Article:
Today, we took delivery of a Chromebook. Now, I know that Chrome the operating system and Chrome the browser aren't exactly the same, but the OS is really just an extension or expansion of the the browser, and I fully get how a URL really just designates the location of a file, and.... In any case, hats off to Steve, in this case. He really got it pretty early.
Saturday, January 11, 2014
A Confederacy of Dunces by John Kennedy Toole is one of those books I had occasionally looked at and thought about, and kinda thought I should have read, but I hadn't. So when I saw a copy close to hand and grabbed it, figuring I'd read it.
Only around the 70-80 page mark, I began to encounter some resistance. That's about where I have to decide whether to push on through a book, or let it go. I'm inclined towards the latter with this one.
Here's the deal. Toole definitely has a keen eye and a way with the words, some very humorous stuff here, some fine satire. Reminiscent of Gogol or, even more so, Ilf and Petrov (The Twelve Chairs, The Golden Calf), the great chroniclers of the foibles of the New Economic Period of the 1920s in Russia. The problem is, it's satire from a different historical era, and if it's not top rate, aged satire it often suffers from the reader's distance from what's being made fun of.* And, although Toole won a Pulitzer... well, they give those every year, and it's kind of a beauty contest. I don't think the book rises up to transcend its era. In fact, it's kind of hard to figure out what he wanted to do with the novel.
There's one other fundamental problem. The satirical author/narrator has to consider him/herself better than what he's satirizing. And that wears on the reader, and it's really characteristic of white guys in their 20s (Toole killed himself when he was 32). I know. I used to be one of them.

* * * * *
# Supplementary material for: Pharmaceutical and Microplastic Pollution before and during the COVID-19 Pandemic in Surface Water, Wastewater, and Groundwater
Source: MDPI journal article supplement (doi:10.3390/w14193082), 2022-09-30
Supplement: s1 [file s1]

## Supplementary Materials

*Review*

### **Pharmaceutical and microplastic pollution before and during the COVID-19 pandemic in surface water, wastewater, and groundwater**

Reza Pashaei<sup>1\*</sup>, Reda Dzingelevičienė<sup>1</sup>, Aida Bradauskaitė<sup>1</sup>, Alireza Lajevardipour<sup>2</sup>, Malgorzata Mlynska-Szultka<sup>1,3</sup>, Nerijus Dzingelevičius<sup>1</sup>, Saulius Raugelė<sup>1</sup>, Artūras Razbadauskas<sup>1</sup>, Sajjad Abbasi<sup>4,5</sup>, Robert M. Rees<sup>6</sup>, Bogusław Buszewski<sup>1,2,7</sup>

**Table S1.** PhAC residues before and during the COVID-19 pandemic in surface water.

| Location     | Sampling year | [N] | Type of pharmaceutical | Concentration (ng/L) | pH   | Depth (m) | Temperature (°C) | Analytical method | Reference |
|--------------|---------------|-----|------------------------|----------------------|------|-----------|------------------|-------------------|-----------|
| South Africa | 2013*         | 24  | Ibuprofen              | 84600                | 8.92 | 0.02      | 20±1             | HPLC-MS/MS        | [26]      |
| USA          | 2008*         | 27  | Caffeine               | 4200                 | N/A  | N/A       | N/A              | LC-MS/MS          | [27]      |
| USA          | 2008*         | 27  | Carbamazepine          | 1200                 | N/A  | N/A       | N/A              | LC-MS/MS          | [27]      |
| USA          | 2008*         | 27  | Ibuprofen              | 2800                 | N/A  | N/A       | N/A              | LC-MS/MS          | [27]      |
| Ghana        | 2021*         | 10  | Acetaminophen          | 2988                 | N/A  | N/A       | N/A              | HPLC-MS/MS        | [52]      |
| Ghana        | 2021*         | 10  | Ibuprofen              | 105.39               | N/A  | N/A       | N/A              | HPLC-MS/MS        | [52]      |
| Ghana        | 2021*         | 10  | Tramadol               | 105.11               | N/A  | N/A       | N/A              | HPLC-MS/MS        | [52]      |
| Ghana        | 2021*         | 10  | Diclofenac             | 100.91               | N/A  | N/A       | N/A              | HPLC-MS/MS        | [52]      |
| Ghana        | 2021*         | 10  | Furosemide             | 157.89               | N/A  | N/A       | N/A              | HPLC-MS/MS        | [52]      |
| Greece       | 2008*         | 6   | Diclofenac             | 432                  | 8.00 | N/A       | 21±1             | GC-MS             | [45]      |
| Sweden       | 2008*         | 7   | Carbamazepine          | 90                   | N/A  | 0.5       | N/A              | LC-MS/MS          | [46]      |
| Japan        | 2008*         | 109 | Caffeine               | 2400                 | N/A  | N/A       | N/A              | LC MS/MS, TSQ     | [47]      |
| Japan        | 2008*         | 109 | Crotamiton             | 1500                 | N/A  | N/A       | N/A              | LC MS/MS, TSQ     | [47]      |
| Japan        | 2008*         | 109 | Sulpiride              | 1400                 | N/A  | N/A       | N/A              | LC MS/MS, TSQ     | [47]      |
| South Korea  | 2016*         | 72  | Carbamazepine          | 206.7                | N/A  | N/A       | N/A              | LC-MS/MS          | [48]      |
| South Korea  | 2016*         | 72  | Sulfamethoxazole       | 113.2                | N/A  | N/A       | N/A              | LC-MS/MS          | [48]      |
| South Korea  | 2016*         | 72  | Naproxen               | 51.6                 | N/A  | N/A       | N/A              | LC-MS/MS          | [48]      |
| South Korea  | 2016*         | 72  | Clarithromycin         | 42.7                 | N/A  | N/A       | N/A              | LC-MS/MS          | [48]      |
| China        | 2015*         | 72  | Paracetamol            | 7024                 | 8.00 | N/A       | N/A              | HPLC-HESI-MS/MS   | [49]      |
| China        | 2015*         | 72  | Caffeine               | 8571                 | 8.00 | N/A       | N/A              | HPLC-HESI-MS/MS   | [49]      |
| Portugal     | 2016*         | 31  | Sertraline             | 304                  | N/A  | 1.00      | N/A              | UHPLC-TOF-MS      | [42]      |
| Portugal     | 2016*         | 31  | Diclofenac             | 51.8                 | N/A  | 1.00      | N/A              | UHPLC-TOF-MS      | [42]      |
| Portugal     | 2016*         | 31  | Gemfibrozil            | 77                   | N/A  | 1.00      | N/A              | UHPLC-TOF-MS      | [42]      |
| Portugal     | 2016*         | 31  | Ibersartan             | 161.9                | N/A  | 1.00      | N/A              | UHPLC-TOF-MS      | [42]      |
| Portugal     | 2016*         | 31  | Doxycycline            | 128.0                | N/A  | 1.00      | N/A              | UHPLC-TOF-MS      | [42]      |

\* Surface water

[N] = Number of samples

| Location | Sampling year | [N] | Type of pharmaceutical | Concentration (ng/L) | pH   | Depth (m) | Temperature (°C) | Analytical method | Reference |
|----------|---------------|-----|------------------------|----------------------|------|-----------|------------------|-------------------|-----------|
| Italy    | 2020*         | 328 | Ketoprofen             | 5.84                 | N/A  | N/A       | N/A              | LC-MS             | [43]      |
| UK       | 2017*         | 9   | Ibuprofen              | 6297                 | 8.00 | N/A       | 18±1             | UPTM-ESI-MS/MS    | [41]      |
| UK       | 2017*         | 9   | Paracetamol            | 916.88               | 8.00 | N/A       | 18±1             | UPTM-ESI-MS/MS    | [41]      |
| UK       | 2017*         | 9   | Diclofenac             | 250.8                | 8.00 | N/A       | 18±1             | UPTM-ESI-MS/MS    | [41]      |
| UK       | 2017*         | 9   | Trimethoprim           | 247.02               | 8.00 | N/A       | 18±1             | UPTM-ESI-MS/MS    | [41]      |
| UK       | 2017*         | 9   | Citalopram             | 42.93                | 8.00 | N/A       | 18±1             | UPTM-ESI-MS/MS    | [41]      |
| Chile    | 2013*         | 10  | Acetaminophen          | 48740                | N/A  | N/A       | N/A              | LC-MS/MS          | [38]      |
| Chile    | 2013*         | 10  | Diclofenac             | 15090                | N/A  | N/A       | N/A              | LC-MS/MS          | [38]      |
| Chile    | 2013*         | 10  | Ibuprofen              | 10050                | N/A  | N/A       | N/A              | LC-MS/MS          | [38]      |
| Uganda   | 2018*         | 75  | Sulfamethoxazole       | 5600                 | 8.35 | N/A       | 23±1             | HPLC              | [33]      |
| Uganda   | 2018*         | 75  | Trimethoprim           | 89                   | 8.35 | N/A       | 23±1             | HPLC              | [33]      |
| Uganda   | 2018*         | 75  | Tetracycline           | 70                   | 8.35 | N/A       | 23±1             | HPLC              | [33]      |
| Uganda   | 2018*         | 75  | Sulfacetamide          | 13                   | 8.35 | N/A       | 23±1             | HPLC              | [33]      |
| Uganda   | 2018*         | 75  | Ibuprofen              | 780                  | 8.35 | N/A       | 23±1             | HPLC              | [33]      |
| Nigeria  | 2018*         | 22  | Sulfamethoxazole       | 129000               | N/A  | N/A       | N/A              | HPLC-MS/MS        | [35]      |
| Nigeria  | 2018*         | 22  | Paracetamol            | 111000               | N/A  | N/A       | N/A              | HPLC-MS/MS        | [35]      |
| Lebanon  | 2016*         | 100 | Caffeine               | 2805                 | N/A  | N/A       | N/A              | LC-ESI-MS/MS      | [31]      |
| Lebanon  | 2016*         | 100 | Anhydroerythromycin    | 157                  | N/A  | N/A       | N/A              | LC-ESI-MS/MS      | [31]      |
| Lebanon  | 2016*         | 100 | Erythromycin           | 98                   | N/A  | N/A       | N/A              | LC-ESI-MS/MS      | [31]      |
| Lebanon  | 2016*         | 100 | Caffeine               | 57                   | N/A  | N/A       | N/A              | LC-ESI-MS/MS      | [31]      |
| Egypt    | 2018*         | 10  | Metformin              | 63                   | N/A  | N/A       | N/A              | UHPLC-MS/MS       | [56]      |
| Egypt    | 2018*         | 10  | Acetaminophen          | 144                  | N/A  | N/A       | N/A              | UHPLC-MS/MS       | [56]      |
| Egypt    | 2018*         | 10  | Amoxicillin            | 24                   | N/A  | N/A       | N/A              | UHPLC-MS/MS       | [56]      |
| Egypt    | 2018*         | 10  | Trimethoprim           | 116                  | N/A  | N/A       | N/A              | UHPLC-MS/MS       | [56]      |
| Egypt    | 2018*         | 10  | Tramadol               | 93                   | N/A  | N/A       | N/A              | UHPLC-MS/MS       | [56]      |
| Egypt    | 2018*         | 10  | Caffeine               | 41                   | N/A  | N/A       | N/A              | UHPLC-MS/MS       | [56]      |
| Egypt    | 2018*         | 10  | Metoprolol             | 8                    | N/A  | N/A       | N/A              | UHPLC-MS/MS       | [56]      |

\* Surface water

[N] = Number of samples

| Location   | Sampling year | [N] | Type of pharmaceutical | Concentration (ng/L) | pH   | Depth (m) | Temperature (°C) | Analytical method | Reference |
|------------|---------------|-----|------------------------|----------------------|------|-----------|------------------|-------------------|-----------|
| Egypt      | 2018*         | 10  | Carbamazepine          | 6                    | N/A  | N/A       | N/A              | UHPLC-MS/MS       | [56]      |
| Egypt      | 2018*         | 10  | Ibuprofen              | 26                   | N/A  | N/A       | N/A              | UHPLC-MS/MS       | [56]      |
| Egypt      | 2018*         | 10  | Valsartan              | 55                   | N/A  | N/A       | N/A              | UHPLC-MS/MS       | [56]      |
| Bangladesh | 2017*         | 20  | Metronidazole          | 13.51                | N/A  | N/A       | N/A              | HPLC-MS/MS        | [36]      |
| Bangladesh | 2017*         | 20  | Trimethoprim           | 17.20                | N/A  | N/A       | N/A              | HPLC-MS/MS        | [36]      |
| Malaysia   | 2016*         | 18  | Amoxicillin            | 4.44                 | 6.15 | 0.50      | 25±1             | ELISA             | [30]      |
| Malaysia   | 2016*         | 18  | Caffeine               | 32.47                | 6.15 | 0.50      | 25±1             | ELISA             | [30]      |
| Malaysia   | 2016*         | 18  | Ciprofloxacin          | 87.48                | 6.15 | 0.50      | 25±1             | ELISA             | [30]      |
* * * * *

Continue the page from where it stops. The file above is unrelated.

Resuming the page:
"Realistic" fiction, at least at a some basic level, seeks to subordinate itself to what it describes. Endless ink has been spilled on its inability to do so, but at least it tries. And even as it ages, I tend to appreciate the humility of its aim.
Anyhow, I won't hang the novel up altogether, I'll put it on the stack next to my bedside table and see how it does.
* Satirical movies age better, because, for one, they're shorter, and they also have the additional element of typically being filled with gifted physical comics with goofy faces and finely honed timing
Thursday, January 09, 2014
Returning to the long-neglected "things the kids say" category, we turn now to the phrase "cryptic silence." This is a category Natalie often invokes when she has asked permission to do or eat something, and we have failed -- either by virtue of spacing out or (just as often) -- because I am deferring to Mary, the household chief nutritionist and imposer of dietary discipline. Typically Natalie will be asking if she can have a banana for her fruit serving, because it is the easiest thing to get and eat. I often will let her. Mary, however, considers that to be slacking, when I should really be encouraging her to eat a fresh pear or a mango or something. So I pause, to let Mary pass judgment on the question. Mary, for her part, is often either not focused on the question or (I suspect) wants to hear what I say to see if I am being a fruit slacker once again.
Into this space Natalie slides with her catchphrase: "I'll take your cryptic silence as a yes," at which point she grabs a banana and rips the top off before we can stop her, making it a fait accompli.
This evening, while Natalie was perusing the offerings for Duke's TIP Program for this summer, her eye alighted upon a course listing for something to do with courtroom stuff, mock law for smart kids, something like that. All of a sudden, I imagined her in the courtroom, cross-examining a witness for murder: "So, were you at home on the evening of the 7th?", and I could see the witness freezing in the box, at which point Natalie pounces on her: "I'll take your cryptic silence for a yes!" Case closed.
Over vacation I had to get from Larchmont to the Cross-County a couple of times, so I took Lincoln Ave through what I always thought was the Bronx, but I guess is Pelham, NY, now that I dig into it, just across the border from Mount Vernon. Just before you get to where you get on the Hutch to to Cross-County, right about 5th Ave, there is now a Verizon Wireless store and a TD Bank on a corner that had previously been small, locally-owned businesses. And then, in the low building where there used to be a beat-up convenience store that gave way a couple of years ago to a Dunkin Donuts, there is also a Hot Yoga studio. Gentrification, it seems, is creeping north.